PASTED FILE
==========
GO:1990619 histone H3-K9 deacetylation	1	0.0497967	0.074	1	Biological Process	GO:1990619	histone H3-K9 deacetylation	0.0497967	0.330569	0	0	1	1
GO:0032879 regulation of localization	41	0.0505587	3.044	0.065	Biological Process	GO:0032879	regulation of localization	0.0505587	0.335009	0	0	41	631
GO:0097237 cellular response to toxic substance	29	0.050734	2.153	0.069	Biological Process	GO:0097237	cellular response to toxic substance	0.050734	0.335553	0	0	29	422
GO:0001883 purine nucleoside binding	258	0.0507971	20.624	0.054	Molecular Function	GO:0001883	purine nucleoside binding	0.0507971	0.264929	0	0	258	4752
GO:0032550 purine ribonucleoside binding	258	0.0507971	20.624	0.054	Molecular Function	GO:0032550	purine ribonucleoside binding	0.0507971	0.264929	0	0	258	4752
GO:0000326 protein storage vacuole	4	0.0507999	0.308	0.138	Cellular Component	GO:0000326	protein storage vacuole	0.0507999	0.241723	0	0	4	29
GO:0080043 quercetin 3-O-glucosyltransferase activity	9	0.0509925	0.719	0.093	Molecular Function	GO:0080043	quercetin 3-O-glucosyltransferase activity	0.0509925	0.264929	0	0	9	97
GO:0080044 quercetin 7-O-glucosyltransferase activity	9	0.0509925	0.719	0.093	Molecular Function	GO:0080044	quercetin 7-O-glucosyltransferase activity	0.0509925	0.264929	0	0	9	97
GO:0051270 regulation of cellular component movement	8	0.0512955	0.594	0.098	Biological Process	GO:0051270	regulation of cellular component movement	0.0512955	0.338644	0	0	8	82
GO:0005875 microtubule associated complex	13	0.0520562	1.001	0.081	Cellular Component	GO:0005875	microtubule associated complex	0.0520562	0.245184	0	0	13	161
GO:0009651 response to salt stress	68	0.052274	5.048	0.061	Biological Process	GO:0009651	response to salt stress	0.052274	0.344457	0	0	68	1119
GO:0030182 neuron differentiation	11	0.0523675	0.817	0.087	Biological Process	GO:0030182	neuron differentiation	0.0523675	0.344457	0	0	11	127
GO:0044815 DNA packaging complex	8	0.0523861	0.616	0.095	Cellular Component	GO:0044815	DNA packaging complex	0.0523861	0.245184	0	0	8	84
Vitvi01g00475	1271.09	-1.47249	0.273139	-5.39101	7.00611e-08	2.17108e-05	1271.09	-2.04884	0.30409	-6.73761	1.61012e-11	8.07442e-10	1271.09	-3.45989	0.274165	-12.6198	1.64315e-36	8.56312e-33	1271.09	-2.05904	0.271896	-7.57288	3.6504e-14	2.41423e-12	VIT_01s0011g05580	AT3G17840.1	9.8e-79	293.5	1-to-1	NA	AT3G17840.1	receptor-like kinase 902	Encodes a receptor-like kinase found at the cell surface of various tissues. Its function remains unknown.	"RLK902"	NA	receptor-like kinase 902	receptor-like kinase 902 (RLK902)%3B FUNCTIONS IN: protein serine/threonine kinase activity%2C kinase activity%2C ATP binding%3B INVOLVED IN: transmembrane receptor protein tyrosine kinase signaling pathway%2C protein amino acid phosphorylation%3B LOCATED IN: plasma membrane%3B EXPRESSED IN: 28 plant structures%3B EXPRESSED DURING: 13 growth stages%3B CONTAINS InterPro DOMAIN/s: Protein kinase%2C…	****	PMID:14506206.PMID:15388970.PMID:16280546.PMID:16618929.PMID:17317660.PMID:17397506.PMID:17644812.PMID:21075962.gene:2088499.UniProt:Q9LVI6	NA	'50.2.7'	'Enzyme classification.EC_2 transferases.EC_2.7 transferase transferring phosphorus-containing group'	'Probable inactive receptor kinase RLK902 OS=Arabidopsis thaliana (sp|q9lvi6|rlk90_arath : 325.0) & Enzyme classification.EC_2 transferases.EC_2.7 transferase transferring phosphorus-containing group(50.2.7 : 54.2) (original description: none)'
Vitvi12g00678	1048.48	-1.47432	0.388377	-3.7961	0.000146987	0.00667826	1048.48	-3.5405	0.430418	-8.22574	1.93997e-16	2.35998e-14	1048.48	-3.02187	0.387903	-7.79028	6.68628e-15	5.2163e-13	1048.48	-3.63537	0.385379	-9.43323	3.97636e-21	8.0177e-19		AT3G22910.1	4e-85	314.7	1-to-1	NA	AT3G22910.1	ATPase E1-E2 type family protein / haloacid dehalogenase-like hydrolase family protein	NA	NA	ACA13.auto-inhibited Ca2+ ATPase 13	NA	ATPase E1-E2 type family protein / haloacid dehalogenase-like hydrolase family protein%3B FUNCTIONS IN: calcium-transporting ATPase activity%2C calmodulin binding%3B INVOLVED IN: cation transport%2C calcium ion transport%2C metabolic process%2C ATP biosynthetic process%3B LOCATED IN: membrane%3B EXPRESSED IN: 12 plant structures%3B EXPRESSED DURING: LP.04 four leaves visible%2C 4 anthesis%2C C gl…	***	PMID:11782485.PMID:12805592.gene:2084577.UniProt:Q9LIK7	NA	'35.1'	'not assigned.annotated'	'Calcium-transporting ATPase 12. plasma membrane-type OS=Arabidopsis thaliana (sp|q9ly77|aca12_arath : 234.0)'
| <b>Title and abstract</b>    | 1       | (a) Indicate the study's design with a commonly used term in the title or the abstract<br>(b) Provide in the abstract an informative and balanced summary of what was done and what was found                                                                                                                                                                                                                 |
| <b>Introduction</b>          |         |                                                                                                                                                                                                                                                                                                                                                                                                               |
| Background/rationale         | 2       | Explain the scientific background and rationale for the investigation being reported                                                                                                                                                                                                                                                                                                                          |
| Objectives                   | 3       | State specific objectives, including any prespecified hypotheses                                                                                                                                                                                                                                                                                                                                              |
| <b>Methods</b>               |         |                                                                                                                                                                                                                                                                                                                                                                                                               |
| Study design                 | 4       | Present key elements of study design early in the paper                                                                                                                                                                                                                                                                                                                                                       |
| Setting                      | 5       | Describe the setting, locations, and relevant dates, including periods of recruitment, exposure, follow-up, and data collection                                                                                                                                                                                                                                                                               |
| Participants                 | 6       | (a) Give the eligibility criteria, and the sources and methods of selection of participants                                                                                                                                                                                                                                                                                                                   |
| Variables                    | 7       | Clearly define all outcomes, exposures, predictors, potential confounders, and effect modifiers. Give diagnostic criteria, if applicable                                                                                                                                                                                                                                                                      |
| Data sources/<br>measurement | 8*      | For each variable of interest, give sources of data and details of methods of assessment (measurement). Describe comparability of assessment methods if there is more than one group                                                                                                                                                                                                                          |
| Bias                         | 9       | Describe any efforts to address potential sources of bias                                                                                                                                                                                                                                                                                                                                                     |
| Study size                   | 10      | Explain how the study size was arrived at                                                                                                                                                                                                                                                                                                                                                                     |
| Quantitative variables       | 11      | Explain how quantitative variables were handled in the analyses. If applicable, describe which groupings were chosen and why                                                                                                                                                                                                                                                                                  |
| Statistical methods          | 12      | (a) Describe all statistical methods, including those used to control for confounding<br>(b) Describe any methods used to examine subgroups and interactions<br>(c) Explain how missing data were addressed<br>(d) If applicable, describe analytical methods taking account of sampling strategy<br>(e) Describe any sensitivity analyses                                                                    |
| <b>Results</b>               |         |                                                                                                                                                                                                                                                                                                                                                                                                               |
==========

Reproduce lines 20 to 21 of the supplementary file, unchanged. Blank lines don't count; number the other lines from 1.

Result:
| <b>Methods</b>               |         |                                                                                                                                                                                                                                                                                                                                                                                                               |
| Study design                 | 4       | Present key elements of study design early in the paper                                                                                                                                                                                                                                                                                                                                                       |